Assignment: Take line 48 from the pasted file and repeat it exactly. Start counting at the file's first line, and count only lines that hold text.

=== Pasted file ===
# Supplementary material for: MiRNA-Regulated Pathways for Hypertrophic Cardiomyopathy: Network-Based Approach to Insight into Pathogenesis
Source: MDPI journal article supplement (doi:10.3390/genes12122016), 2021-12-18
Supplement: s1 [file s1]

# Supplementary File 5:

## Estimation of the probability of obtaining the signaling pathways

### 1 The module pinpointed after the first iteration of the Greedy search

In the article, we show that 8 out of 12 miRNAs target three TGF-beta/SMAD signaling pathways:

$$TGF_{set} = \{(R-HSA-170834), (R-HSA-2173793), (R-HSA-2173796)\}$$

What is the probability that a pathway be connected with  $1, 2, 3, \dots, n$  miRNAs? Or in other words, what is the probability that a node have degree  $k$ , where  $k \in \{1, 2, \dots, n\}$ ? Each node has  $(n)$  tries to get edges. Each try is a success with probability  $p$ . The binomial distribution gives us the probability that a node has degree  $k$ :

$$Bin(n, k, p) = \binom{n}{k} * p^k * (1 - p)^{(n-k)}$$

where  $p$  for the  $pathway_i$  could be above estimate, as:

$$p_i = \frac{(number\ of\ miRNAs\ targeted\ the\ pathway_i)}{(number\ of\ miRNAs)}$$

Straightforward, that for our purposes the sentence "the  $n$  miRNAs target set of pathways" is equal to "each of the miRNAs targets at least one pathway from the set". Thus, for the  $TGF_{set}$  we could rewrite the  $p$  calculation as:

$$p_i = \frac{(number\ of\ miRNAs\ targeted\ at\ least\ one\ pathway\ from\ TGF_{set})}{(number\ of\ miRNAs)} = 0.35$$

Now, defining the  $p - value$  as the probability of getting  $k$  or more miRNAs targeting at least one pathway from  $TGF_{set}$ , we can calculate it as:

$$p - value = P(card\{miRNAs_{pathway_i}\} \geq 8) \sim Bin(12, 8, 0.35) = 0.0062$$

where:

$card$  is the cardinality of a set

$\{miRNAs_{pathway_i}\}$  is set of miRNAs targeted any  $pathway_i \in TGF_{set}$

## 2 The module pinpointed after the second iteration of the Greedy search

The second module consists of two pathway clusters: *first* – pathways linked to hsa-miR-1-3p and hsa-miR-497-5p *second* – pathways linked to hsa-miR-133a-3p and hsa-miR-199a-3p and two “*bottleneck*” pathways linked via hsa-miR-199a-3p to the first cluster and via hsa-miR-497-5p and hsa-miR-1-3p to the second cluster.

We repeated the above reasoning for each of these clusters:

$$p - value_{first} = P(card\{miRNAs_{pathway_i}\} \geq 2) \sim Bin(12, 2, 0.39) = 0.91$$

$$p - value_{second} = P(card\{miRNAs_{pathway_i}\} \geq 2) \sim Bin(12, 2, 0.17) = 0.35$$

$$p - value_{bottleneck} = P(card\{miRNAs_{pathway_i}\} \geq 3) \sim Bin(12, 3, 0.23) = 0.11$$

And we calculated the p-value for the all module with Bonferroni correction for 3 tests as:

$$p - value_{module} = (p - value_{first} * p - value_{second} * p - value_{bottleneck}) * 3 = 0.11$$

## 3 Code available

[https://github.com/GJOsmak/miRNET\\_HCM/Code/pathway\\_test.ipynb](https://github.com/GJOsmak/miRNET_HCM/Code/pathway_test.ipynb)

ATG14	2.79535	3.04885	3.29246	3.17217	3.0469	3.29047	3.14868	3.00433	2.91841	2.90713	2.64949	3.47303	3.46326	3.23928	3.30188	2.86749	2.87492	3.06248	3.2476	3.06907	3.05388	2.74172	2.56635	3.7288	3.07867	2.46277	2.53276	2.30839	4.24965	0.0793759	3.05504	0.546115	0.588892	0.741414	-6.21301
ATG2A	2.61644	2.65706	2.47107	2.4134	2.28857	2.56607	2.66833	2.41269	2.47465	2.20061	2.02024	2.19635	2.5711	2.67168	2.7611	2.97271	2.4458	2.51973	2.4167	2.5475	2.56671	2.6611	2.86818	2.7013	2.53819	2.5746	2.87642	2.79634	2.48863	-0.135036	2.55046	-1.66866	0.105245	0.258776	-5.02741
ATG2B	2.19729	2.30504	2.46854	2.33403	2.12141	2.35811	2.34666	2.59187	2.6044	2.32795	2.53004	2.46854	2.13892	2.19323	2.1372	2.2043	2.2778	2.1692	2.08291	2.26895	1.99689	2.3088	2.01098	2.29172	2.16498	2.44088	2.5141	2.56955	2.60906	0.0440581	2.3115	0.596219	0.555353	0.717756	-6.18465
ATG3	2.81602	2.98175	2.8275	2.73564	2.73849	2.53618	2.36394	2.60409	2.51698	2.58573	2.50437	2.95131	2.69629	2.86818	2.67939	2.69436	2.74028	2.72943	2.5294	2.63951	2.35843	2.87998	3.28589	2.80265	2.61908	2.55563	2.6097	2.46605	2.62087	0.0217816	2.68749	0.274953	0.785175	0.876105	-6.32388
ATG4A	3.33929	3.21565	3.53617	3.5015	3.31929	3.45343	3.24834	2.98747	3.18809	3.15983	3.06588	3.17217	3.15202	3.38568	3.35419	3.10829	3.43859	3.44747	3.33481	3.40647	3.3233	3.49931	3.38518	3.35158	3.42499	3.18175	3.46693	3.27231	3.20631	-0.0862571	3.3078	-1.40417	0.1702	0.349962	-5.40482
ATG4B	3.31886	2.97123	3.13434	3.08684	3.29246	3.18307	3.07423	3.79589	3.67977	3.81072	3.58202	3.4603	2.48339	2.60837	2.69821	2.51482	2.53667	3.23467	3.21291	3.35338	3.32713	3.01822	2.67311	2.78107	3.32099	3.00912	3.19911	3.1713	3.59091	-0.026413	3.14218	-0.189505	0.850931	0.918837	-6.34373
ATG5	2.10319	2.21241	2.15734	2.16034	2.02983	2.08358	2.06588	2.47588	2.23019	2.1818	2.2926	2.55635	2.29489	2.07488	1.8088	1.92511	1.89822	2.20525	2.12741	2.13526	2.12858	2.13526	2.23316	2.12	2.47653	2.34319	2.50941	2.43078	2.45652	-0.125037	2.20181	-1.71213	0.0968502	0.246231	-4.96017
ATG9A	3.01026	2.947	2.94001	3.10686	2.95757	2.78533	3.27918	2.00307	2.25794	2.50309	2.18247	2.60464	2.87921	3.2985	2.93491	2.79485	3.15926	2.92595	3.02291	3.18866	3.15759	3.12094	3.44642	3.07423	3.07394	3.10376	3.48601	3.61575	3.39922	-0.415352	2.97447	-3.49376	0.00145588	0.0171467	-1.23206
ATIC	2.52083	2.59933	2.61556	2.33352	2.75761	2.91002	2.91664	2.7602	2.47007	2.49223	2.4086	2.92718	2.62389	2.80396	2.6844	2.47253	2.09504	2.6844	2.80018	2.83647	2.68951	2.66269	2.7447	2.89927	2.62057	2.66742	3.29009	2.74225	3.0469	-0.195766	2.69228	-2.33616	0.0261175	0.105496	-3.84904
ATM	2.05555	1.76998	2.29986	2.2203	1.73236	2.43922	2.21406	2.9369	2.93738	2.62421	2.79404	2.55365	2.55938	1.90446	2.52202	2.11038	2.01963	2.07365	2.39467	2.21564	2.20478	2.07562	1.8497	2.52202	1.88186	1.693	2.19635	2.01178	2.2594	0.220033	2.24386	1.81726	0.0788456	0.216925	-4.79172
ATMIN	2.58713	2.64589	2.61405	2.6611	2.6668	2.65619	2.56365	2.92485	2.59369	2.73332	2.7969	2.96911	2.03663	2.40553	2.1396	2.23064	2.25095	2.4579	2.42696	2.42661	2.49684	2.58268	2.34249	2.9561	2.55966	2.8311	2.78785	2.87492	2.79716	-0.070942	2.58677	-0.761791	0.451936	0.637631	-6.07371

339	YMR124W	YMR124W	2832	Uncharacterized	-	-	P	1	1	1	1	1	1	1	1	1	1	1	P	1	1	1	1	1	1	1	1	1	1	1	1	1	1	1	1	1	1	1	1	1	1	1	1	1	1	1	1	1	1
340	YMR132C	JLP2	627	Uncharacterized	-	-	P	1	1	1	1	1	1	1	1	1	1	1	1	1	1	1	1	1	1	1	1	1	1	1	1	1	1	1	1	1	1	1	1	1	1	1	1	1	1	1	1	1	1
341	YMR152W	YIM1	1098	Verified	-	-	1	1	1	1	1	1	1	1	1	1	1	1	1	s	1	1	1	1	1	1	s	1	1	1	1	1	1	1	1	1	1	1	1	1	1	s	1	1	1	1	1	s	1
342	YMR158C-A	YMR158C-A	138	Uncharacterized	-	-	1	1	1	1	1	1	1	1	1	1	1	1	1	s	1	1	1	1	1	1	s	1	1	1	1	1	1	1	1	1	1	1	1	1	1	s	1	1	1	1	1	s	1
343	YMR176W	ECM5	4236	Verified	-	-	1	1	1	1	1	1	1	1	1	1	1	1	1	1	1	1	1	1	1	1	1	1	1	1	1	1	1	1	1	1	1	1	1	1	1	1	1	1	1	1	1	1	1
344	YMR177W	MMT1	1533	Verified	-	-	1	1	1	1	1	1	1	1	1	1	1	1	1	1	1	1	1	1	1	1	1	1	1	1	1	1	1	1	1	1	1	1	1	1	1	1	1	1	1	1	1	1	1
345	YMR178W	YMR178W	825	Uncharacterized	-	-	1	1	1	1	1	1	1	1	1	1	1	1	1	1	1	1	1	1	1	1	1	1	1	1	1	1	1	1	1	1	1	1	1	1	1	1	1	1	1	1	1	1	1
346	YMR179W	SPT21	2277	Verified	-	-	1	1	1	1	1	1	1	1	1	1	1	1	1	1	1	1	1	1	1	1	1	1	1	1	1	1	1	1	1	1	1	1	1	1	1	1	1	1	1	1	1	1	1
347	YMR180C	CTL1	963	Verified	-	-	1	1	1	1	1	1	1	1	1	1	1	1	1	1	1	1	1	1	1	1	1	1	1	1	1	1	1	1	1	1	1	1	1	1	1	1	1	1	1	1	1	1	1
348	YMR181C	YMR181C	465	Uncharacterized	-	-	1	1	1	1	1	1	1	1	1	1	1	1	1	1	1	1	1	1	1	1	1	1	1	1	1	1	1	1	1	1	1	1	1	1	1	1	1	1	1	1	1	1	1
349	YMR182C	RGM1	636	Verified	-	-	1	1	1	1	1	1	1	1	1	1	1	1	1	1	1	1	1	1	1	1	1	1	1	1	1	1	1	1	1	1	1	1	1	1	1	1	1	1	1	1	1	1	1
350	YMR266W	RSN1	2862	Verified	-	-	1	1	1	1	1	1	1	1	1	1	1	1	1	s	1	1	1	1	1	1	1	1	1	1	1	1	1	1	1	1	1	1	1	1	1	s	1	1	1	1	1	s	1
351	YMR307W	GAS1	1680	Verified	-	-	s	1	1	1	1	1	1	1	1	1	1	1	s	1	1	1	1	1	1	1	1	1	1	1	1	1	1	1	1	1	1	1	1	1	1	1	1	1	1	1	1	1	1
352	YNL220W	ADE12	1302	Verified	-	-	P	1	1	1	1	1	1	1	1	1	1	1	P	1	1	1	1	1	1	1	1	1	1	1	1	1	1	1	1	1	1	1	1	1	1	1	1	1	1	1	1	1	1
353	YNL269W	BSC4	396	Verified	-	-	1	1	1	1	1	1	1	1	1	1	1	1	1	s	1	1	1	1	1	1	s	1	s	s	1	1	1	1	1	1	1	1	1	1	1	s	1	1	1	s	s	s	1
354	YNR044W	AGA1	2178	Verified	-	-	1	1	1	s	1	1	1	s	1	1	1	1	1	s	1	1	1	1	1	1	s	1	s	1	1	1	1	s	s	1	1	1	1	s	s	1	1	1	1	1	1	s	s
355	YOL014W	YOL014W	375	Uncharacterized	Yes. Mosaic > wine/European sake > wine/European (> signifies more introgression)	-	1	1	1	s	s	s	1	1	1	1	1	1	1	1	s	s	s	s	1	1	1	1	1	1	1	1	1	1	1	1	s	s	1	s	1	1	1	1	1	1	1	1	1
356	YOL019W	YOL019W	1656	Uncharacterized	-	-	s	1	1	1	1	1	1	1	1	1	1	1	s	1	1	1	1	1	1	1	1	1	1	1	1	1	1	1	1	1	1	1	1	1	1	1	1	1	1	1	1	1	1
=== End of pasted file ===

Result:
346	YMR179W	SPT21	2277	Verified	-	-	1	1	1	1	1	1	1	1	1	1	1	1	1	1	1	1	1	1	1	1	1	1	1	1	1	1	1	1	1	1	1	1	1	1	1	1	1	1	1	1	1	1	1